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Investigating Justice Systems in Land Conflict Resolution: A Case Study of Kinondoni Municipality, Tanzania

Sackey, Gertrude (2010) Investigating Justice Systems in Land Conflict Resolution: A Case Study of Kinondoni Municipality, Tanzania.

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Abstract:The continued existence and progress of man depends on land and people with different interests having competing demands over land resulting in land disputes and conflicts. Dispute over land are therefore seen to be an integral part of human interaction. However, prolonged land conflicts have negative impact on all aspects of social and economic developments. Inefficient mechanisms of dealing with these conflicts can result in disastrous effects. In many countries, especially in Africa, land conflicts are resolved through formal and informal justice institutions, each of them having its own mechanism of dealing with land conflicts. Formal institutions are those that are established by legislation while informal institutions are those local institutions that are recognised by the local communities but are not supported by legislation. In conflict management, the choice of the appropriate process depends on the particular circumstances and the context within which the conflict occurs. Disputants are left to choose between the „best practiced‟ and „preferred‟ conflict resolution mechanism. In developing countries some of the systems to deal with these conflicts are insufficient and ineffective and what remains unclear is why these systems are unable to deliver particularly in terms of resolving urban conflicts. The aim of this study therefore is to examine the different justice systems available for resolving land conflicts and analyse why disputants prefer a particular system. The study is based on a case study approach. A combination of qualitative and quantitative methods including interviews, household surveys, observations and literature survey were used to collect and analyse data on the types of conflicts and how these conflicts were resolved. The study reveals some inefficiency in both the formal and informal justice systems. The effect is that many of land disputes are not resolved or settled but has evolved into other types of conflicts. Furthermore, the study revealed that disputants prefer to use the informal justice systems to the established „best practiced‟ systems, because of its flexibility for negotiations. However, disputants are somehow coerced to use the formal systems because the preferred system is not recognised by law. In this regard, there is the need for alternative justice systems with flexible mechanisms to adapt to the preferences of the modern and dynamic societies.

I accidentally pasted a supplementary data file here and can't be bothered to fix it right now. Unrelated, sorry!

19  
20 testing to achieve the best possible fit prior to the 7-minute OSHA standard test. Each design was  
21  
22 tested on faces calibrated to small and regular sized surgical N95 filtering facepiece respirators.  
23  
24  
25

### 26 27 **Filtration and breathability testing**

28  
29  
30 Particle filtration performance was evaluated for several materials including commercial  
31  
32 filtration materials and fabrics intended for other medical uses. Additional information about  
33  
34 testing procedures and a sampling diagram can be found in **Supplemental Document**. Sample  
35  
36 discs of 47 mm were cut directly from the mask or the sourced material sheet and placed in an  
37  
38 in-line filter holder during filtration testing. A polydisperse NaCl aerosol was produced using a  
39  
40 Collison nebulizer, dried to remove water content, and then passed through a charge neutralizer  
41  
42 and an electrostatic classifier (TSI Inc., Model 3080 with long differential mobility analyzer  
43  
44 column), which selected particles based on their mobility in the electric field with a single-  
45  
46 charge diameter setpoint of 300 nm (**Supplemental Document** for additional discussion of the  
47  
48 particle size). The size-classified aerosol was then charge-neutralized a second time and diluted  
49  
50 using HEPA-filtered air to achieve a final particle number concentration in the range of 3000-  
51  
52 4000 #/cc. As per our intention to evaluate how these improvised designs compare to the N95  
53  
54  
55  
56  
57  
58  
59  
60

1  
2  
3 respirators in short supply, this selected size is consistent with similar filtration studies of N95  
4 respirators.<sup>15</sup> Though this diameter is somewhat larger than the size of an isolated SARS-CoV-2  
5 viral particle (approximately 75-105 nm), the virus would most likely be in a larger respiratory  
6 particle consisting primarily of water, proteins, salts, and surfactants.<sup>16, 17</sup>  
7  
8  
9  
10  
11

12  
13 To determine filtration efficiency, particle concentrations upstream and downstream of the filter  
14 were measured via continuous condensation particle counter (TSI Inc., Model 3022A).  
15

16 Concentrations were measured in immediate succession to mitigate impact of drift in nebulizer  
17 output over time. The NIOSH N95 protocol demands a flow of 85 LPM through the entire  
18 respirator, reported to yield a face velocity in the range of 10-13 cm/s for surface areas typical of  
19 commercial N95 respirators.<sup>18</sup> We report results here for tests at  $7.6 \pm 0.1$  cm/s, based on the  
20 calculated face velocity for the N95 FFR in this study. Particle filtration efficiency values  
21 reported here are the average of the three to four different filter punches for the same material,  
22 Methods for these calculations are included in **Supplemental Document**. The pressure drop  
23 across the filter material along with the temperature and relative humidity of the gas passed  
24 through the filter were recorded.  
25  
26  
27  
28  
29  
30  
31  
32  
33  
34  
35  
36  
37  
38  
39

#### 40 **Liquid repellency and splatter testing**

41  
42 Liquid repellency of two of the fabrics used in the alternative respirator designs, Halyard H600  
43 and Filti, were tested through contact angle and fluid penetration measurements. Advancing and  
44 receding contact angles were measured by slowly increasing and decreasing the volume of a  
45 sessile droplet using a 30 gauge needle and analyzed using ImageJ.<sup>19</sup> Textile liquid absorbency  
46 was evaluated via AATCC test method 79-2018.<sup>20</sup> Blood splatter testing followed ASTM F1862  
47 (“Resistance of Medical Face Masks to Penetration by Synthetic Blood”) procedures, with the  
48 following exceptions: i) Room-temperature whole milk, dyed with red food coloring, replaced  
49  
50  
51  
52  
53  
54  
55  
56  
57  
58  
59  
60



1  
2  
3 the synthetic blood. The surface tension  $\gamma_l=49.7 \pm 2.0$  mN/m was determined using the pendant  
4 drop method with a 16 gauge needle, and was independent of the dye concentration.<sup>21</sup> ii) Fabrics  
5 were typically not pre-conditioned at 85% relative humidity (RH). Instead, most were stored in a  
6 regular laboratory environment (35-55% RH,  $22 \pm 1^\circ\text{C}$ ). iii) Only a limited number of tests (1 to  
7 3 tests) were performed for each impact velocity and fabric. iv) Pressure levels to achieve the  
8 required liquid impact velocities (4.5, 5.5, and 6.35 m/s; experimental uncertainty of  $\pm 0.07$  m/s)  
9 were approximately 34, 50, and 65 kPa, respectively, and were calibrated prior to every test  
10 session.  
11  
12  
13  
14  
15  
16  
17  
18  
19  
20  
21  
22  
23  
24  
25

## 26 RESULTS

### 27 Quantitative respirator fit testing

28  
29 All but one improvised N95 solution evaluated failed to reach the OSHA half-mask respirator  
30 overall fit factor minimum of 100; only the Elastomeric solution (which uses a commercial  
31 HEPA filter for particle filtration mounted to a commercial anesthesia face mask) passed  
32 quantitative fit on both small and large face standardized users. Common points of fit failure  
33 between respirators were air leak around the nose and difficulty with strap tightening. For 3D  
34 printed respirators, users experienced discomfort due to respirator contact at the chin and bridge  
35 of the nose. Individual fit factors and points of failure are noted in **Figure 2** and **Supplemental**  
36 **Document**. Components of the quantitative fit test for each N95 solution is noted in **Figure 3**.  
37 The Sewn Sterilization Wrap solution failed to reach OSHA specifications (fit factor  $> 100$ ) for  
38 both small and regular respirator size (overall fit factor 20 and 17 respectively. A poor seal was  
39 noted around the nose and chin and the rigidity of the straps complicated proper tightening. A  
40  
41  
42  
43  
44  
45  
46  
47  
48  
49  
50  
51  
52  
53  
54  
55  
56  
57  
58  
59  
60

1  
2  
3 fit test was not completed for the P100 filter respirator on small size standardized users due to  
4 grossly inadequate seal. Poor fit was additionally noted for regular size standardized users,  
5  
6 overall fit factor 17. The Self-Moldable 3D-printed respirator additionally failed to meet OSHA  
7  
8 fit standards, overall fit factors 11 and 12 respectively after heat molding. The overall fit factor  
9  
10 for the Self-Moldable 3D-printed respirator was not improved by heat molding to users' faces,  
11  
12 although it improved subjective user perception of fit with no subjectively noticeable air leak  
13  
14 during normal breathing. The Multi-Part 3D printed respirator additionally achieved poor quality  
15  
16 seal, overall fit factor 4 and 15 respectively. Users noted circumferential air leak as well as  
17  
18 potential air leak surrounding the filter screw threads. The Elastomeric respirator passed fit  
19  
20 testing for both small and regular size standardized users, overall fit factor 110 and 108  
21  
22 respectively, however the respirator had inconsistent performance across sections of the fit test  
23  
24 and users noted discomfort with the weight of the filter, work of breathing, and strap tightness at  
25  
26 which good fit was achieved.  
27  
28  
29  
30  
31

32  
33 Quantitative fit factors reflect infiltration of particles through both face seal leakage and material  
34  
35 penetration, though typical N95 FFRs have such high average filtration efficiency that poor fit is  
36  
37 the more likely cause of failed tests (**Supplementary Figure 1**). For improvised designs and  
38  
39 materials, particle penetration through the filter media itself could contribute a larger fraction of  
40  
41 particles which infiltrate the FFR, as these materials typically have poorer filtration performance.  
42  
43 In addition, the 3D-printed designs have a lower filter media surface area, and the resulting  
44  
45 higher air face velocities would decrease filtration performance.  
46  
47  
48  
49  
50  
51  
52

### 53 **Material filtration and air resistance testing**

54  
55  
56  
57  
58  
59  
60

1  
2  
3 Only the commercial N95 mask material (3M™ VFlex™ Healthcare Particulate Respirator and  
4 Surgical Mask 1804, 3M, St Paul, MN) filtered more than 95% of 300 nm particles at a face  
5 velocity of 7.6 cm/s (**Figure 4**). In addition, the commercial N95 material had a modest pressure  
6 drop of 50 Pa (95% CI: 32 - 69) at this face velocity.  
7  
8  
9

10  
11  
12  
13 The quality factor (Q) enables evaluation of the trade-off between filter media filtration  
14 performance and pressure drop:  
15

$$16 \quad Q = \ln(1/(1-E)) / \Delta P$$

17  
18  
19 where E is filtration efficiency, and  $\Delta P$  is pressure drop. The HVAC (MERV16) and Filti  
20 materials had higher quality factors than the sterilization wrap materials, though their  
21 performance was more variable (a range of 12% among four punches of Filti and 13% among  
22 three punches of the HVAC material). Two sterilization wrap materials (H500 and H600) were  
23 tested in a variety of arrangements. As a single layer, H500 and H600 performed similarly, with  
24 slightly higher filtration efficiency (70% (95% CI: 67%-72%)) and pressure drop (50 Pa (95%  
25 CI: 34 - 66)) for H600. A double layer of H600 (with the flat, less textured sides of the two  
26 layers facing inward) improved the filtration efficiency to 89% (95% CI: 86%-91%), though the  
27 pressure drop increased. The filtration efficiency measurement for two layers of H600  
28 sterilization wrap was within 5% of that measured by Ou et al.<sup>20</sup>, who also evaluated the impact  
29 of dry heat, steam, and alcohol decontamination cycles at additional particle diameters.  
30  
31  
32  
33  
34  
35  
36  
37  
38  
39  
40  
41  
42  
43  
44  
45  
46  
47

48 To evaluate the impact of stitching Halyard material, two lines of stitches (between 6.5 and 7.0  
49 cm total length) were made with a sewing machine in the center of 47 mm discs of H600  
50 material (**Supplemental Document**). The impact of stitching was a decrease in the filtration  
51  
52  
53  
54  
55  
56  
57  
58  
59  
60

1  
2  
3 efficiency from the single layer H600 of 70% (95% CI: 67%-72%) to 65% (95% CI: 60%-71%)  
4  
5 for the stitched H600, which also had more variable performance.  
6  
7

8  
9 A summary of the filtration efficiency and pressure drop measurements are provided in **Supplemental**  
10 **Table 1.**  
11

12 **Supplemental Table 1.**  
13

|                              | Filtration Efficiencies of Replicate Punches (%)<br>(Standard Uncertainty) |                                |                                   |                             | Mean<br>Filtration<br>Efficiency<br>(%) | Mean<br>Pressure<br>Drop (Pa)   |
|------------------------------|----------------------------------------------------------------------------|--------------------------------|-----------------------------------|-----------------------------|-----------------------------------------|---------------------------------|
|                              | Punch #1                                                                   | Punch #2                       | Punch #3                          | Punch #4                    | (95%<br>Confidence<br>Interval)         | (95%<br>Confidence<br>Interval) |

Item Type:Essay (Master)
Faculty:ITC: Faculty of Geo-information Science and Earth Observation
Programme:Geoinformation Science and Earth Observation MSc (75014)
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